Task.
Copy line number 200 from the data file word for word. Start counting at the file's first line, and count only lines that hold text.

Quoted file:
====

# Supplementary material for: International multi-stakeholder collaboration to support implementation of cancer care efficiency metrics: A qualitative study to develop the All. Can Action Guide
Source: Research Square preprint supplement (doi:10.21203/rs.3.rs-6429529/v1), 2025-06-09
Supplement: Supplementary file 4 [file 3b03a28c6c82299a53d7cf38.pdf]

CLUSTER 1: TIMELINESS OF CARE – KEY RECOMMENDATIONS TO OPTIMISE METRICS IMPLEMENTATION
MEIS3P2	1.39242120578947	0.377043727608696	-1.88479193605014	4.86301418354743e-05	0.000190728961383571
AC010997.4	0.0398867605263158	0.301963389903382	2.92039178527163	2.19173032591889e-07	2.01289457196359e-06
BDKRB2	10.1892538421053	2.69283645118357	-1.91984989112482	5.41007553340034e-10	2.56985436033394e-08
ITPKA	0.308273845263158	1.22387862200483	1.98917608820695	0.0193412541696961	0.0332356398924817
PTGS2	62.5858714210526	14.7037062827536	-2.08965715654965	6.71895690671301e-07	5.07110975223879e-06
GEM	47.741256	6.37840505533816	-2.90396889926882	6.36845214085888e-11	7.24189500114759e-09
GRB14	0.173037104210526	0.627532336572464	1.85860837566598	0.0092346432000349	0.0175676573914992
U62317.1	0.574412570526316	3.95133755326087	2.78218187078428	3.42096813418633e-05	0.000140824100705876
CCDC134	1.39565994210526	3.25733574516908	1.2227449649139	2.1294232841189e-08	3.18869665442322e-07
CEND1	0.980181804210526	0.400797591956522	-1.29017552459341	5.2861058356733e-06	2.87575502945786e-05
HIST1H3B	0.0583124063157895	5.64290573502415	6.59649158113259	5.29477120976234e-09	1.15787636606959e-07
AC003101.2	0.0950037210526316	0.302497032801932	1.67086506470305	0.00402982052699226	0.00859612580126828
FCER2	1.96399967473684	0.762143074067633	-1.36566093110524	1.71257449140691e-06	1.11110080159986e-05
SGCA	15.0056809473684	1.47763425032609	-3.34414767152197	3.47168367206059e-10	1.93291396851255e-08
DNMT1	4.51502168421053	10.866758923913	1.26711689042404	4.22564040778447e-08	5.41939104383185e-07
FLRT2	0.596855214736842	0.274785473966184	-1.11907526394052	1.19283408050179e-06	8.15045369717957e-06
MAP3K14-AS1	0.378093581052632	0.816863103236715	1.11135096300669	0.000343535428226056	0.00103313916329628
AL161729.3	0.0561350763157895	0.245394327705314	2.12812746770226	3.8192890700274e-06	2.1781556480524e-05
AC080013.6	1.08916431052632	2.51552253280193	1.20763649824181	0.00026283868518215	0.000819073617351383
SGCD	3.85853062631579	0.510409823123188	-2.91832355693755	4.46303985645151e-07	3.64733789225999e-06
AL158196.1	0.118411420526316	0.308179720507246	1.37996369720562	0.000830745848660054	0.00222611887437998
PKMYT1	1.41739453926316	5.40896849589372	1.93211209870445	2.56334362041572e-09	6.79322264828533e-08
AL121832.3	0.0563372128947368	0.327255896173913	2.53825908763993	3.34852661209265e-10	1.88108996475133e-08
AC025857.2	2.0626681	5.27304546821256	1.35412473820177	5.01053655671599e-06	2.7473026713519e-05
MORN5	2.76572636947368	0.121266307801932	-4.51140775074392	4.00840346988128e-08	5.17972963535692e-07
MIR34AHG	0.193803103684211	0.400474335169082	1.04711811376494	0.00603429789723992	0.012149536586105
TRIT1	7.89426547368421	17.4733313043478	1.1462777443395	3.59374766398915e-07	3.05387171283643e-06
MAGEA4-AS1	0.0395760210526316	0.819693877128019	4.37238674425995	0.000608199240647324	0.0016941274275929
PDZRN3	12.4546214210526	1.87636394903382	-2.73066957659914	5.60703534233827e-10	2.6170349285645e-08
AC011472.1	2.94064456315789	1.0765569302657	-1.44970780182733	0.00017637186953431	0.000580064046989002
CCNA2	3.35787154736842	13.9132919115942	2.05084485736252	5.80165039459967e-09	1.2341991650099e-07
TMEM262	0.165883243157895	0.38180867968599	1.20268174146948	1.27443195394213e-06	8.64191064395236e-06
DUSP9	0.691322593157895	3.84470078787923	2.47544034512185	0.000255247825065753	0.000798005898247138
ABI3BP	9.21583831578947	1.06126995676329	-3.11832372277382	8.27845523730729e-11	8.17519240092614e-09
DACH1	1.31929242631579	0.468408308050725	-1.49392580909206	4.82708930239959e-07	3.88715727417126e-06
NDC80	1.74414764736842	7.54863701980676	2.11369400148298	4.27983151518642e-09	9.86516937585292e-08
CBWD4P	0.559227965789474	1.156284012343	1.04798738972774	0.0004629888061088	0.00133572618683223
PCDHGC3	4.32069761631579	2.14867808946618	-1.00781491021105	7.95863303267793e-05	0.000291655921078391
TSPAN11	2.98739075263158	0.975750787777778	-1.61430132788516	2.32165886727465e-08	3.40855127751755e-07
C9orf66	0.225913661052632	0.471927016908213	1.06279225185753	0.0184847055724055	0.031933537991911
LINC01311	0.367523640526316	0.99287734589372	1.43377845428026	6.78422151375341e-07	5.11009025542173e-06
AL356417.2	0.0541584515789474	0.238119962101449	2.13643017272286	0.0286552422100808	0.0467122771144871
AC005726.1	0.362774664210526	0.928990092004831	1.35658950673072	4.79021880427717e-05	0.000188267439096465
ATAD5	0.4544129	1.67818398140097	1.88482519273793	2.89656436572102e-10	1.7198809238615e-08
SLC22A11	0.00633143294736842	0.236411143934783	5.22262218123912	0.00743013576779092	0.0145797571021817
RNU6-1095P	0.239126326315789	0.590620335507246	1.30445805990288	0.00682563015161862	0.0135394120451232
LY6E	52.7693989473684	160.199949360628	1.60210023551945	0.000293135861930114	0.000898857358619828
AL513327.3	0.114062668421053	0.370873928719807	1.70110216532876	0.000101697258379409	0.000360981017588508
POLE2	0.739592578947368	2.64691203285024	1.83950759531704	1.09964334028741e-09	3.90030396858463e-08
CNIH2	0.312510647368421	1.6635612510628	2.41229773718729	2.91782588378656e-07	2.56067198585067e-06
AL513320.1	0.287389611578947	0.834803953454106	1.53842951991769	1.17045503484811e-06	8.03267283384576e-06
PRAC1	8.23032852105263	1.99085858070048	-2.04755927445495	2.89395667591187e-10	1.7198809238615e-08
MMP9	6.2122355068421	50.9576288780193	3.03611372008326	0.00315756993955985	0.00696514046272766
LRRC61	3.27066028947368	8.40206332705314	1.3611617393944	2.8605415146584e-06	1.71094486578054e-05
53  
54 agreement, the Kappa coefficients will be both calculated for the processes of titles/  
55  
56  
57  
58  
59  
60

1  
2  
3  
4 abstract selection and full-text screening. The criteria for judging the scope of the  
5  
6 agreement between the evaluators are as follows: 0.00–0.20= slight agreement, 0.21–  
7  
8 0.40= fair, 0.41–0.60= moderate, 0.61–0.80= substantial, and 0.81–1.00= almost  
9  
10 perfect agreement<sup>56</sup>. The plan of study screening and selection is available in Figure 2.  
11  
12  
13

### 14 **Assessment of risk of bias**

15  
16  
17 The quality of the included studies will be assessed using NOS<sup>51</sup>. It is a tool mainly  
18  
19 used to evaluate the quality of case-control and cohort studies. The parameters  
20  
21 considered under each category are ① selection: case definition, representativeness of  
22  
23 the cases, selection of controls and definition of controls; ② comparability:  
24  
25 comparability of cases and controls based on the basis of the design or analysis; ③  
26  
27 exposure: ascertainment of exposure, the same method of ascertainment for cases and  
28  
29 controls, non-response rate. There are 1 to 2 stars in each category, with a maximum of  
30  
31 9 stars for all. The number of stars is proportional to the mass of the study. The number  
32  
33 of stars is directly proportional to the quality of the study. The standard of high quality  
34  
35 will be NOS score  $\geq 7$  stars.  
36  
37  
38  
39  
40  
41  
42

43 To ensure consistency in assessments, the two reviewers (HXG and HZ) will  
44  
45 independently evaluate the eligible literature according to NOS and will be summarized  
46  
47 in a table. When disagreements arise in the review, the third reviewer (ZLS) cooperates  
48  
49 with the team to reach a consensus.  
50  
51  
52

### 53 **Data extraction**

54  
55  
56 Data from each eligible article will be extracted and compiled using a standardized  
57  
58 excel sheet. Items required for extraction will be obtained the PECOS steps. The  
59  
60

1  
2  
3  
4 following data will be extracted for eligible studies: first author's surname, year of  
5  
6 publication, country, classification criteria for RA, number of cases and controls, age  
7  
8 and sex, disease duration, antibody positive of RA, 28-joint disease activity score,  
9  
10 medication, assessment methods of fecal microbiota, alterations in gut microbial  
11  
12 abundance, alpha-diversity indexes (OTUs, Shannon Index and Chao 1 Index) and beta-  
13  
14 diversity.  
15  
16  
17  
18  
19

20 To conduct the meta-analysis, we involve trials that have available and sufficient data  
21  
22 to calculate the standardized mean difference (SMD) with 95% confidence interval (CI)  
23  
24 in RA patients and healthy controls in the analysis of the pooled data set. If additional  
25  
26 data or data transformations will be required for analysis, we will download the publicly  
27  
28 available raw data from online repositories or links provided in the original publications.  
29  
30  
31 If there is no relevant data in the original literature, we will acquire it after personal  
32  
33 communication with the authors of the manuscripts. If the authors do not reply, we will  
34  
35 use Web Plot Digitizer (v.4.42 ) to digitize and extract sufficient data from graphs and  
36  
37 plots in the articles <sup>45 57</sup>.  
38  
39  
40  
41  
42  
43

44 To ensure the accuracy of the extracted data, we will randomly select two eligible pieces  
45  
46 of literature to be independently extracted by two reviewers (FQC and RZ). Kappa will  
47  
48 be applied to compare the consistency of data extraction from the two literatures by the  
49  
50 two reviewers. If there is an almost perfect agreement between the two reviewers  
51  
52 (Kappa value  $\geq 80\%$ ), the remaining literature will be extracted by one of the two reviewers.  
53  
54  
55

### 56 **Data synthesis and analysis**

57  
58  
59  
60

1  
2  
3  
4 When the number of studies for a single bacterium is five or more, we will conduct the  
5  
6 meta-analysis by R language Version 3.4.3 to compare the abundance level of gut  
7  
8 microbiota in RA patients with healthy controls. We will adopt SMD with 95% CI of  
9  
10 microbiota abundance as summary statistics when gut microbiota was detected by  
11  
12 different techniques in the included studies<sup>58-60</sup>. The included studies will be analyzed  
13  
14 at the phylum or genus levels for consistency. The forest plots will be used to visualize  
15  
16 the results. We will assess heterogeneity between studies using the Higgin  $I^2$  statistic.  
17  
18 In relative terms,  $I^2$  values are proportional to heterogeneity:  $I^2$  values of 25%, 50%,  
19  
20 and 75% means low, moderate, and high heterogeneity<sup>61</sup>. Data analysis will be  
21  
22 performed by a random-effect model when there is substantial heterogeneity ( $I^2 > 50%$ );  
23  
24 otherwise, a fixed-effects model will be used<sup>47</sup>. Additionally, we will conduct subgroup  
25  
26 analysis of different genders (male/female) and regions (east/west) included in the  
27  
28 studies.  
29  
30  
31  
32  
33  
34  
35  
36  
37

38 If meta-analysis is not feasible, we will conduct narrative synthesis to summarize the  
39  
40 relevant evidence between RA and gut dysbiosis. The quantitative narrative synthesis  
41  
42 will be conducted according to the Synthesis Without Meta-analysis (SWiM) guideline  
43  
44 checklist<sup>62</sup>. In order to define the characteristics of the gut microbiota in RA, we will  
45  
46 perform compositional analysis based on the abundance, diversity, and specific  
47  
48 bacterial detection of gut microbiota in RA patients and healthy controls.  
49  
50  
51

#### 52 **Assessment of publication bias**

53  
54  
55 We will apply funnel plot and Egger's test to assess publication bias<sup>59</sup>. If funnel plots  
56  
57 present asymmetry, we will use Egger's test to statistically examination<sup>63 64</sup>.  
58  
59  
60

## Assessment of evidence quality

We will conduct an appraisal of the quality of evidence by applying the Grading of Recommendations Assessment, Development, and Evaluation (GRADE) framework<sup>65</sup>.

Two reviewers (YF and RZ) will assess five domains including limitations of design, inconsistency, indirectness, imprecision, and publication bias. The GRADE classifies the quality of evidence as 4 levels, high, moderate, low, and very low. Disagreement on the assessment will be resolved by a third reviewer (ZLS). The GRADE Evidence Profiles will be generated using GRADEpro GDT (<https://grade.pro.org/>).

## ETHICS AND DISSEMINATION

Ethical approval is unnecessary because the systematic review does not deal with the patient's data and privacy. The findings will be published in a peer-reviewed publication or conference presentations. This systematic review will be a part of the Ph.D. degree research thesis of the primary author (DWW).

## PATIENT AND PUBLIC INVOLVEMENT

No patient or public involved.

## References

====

14 at the phylum or genus levels for consistency. The forest plots will be used to visualize  